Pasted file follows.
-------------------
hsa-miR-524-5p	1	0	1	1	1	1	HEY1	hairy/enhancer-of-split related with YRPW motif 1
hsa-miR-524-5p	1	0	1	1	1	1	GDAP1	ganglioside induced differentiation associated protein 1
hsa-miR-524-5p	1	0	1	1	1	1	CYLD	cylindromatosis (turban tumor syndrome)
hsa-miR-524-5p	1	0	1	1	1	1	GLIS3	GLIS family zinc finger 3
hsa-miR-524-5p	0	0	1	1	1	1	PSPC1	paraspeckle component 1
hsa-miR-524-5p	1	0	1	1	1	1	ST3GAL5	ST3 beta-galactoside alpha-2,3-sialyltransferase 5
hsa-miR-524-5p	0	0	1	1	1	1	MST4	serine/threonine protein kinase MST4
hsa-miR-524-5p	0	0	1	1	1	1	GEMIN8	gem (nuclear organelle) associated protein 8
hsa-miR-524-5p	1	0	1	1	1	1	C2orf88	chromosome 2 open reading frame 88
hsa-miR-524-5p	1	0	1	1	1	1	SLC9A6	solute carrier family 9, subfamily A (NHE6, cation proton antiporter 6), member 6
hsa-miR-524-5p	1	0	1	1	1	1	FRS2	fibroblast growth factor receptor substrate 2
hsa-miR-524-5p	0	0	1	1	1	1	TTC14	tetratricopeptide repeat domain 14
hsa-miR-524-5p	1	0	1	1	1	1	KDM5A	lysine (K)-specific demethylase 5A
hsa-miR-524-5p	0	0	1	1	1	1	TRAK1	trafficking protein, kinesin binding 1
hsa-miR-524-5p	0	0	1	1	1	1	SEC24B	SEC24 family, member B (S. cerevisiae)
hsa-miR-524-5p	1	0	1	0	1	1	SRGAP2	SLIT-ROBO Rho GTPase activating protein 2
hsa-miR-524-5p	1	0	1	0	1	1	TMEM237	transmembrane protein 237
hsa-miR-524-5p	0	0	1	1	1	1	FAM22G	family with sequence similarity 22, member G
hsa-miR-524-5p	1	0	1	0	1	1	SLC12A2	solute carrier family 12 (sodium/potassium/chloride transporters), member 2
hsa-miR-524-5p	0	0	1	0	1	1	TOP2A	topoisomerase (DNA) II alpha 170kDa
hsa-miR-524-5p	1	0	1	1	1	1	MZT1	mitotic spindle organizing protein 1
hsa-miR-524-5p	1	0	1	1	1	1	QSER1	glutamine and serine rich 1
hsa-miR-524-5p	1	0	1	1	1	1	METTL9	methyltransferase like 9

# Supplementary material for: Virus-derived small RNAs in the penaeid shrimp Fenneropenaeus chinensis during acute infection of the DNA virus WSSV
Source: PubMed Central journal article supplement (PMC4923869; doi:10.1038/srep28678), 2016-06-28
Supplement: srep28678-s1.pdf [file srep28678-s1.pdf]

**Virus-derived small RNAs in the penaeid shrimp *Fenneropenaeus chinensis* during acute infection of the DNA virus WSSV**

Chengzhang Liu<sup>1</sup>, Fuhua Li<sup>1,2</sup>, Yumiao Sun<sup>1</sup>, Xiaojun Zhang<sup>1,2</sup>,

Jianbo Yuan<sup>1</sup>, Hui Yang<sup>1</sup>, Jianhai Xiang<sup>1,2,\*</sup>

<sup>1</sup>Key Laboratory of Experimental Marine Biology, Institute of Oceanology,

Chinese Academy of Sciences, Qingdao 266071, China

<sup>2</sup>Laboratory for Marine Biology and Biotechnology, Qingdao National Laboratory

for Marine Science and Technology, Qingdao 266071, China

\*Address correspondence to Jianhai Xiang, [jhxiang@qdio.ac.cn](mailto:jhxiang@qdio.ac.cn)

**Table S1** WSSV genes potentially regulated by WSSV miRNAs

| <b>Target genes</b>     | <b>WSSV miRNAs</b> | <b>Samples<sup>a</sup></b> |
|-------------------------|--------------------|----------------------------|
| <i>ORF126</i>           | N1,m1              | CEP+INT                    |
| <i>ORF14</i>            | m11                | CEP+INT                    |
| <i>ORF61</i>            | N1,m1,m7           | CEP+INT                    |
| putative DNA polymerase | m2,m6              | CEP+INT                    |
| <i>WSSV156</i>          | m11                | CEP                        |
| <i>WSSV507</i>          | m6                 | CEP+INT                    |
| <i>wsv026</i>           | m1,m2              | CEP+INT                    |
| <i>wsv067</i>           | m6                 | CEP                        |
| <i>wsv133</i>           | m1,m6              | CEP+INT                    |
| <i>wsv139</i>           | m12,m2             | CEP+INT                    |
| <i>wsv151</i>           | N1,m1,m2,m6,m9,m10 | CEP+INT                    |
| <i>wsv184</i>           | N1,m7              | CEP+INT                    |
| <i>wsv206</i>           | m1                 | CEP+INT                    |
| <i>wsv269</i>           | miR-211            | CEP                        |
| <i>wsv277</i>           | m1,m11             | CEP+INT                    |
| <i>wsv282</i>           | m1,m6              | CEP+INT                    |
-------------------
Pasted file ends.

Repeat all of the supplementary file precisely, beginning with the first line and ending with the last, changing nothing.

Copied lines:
hsa-miR-524-5p	1	0	1	1	1	1	HEY1	hairy/enhancer-of-split related with YRPW motif 1
hsa-miR-524-5p	1	0	1	1	1	1	GDAP1	ganglioside induced differentiation associated protein 1
hsa-miR-524-5p	1	0	1	1	1	1	CYLD	cylindromatosis (turban tumor syndrome)
hsa-miR-524-5p	1	0	1	1	1	1	GLIS3	GLIS family zinc finger 3
hsa-miR-524-5p	0	0	1	1	1	1	PSPC1	paraspeckle component 1
hsa-miR-524-5p	1	0	1	1	1	1	ST3GAL5	ST3 beta-galactoside alpha-2,3-sialyltransferase 5
hsa-miR-524-5p	0	0	1	1	1	1	MST4	serine/threonine protein kinase MST4
hsa-miR-524-5p	0	0	1	1	1	1	GEMIN8	gem (nuclear organelle) associated protein 8
hsa-miR-524-5p	1	0	1	1	1	1	C2orf88	chromosome 2 open reading frame 88
hsa-miR-524-5p	1	0	1	1	1	1	SLC9A6	solute carrier family 9, subfamily A (NHE6, cation proton antiporter 6), member 6
hsa-miR-524-5p	1	0	1	1	1	1	FRS2	fibroblast growth factor receptor substrate 2
hsa-miR-524-5p	0	0	1	1	1	1	TTC14	tetratricopeptide repeat domain 14
hsa-miR-524-5p	1	0	1	1	1	1	KDM5A	lysine (K)-specific demethylase 5A
hsa-miR-524-5p	0	0	1	1	1	1	TRAK1	trafficking protein, kinesin binding 1
hsa-miR-524-5p	0	0	1	1	1	1	SEC24B	SEC24 family, member B (S. cerevisiae)
hsa-miR-524-5p	1	0	1	0	1	1	SRGAP2	SLIT-ROBO Rho GTPase activating protein 2
hsa-miR-524-5p	1	0	1	0	1	1	TMEM237	transmembrane protein 237
hsa-miR-524-5p	0	0	1	1	1	1	FAM22G	family with sequence similarity 22, member G
hsa-miR-524-5p	1	0	1	0	1	1	SLC12A2	solute carrier family 12 (sodium/potassium/chloride transporters), member 2
hsa-miR-524-5p	0	0	1	0	1	1	TOP2A	topoisomerase (DNA) II alpha 170kDa
hsa-miR-524-5p	1	0	1	1	1	1	MZT1	mitotic spindle organizing protein 1
hsa-miR-524-5p	1	0	1	1	1	1	QSER1	glutamine and serine rich 1
hsa-miR-524-5p	1	0	1	1	1	1	METTL9	methyltransferase like 9

# Supplementary material for: Virus-derived small RNAs in the penaeid shrimp Fenneropenaeus chinensis during acute infection of the DNA virus WSSV
Source: PubMed Central journal article supplement (PMC4923869; doi:10.1038/srep28678), 2016-06-28
Supplement: srep28678-s1.pdf [file srep28678-s1.pdf]

**Virus-derived small RNAs in the penaeid shrimp *Fenneropenaeus chinensis* during acute infection of the DNA virus WSSV**

Chengzhang Liu<sup>1</sup>, Fuhua Li<sup>1,2</sup>, Yumiao Sun<sup>1</sup>, Xiaojun Zhang<sup>1,2</sup>,

Jianbo Yuan<sup>1</sup>, Hui Yang<sup>1</sup>, Jianhai Xiang<sup>1,2,\*</sup>

<sup>1</sup>Key Laboratory of Experimental Marine Biology, Institute of Oceanology,

Chinese Academy of Sciences, Qingdao 266071, China

<sup>2</sup>Laboratory for Marine Biology and Biotechnology, Qingdao National Laboratory

for Marine Science and Technology, Qingdao 266071, China

\*Address correspondence to Jianhai Xiang, [jhxiang@qdio.ac.cn](mailto:jhxiang@qdio.ac.cn)

**Table S1** WSSV genes potentially regulated by WSSV miRNAs

| <b>Target genes</b>     | <b>WSSV miRNAs</b> | <b>Samples<sup>a</sup></b> |
|-------------------------|--------------------|----------------------------|
| <i>ORF126</i>           | N1,m1              | CEP+INT                    |
| <i>ORF14</i>            | m11                | CEP+INT                    |
| <i>ORF61</i>            | N1,m1,m7           | CEP+INT                    |
| putative DNA polymerase | m2,m6              | CEP+INT                    |
| <i>WSSV156</i>          | m11                | CEP                        |
| <i>WSSV507</i>          | m6                 | CEP+INT                    |
| <i>wsv026</i>           | m1,m2              | CEP+INT                    |
| <i>wsv067</i>           | m6                 | CEP                        |
| <i>wsv133</i>           | m1,m6              | CEP+INT                    |
| <i>wsv139</i>           | m12,m2             | CEP+INT                    |
| <i>wsv151</i>           | N1,m1,m2,m6,m9,m10 | CEP+INT                    |
| <i>wsv184</i>           | N1,m7              | CEP+INT                    |
| <i>wsv206</i>           | m1                 | CEP+INT                    |
| <i>wsv269</i>           | miR-211            | CEP                        |
| <i>wsv277</i>           | m1,m11             | CEP+INT                    |
| <i>wsv282</i>           | m1,m6              | CEP+INT                    |